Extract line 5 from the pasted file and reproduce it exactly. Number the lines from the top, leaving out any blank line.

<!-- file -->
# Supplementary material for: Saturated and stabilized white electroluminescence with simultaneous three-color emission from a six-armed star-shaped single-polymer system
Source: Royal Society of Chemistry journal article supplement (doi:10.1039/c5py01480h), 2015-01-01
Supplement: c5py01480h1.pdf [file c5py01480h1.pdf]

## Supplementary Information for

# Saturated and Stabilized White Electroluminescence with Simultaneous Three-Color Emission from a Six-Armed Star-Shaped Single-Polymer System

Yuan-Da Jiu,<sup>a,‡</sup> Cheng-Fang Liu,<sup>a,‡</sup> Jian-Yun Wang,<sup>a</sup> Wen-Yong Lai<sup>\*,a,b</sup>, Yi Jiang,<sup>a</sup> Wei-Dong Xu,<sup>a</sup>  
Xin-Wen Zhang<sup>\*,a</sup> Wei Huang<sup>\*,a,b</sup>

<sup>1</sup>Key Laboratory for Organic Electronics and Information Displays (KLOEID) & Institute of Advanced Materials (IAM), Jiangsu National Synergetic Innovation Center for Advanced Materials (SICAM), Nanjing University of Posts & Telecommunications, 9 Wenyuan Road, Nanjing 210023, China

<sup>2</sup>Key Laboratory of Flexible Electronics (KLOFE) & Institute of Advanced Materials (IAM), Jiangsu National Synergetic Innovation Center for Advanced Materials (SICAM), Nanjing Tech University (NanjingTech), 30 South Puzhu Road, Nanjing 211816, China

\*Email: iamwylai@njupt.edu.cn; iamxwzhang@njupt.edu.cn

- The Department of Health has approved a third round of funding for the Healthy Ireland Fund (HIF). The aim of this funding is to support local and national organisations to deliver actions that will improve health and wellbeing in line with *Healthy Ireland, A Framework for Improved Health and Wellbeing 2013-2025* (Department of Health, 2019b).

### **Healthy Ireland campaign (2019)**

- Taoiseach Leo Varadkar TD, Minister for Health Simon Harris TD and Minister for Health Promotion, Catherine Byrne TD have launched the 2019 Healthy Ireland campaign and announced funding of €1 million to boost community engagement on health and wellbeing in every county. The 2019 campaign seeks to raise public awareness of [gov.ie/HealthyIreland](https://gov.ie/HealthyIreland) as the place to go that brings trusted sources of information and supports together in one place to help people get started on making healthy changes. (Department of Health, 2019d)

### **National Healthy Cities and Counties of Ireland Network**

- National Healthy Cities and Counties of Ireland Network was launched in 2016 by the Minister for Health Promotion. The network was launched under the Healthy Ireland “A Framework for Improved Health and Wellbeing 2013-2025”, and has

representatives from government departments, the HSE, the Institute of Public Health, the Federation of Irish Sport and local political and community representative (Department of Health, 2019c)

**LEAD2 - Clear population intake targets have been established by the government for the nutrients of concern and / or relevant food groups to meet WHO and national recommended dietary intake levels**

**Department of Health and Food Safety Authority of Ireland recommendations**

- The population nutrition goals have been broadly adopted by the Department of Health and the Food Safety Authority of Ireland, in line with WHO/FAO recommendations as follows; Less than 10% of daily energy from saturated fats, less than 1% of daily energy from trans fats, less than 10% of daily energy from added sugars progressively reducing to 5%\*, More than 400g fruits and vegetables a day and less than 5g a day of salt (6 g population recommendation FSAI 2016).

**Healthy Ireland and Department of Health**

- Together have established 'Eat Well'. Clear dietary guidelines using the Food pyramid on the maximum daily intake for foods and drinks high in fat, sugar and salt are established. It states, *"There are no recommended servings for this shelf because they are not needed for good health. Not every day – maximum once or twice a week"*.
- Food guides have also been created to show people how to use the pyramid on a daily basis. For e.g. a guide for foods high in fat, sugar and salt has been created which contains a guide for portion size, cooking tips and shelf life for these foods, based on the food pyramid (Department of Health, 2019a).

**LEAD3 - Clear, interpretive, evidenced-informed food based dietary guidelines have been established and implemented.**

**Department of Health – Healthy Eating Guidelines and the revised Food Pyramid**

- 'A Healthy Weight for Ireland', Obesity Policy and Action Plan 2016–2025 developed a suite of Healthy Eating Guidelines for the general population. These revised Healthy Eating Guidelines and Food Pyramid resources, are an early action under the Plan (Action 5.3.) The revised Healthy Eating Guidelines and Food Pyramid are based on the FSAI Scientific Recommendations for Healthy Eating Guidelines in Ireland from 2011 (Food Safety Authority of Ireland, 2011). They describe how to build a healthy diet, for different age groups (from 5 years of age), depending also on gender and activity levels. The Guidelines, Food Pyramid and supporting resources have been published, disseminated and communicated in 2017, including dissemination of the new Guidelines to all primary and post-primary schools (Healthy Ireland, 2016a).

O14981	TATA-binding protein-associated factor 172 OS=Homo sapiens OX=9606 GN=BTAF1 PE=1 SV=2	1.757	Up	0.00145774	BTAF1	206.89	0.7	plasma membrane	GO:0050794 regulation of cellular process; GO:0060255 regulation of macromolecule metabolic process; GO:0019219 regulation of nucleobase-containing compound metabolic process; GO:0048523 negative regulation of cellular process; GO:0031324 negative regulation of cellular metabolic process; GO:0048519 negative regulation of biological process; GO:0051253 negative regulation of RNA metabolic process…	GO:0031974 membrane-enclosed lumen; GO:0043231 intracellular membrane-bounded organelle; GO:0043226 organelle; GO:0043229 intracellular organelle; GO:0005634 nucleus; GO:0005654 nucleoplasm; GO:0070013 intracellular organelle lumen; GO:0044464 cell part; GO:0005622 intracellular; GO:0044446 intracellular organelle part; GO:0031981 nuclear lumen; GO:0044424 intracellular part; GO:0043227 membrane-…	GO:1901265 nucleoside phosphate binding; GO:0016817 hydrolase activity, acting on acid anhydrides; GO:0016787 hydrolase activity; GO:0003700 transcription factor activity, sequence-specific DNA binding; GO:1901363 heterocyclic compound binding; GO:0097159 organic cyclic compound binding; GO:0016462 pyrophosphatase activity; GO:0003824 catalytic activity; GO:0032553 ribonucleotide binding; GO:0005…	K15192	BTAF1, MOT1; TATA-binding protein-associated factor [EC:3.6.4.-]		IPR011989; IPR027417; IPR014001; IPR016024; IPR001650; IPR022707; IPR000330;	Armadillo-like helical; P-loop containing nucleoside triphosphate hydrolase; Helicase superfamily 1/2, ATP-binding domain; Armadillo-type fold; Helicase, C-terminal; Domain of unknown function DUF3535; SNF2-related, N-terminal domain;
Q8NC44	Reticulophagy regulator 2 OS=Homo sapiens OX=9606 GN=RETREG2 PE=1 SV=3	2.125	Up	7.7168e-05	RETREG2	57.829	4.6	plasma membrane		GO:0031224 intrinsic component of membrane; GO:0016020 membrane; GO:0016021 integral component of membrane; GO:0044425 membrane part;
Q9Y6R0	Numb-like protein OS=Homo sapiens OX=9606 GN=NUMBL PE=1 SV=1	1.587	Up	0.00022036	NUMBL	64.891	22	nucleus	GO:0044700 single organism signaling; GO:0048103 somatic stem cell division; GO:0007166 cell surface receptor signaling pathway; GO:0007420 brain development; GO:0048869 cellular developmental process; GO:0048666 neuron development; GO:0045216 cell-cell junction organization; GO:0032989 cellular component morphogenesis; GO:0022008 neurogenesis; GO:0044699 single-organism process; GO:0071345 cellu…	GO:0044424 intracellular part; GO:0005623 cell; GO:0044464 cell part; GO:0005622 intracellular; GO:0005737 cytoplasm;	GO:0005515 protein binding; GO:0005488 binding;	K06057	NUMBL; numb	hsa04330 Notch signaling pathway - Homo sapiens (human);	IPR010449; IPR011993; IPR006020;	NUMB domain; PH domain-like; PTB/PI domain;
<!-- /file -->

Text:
# Saturated and Stabilized White Electroluminescence with Simultaneous Three-Color Emission from a Six-Armed Star-Shaped Single-Polymer System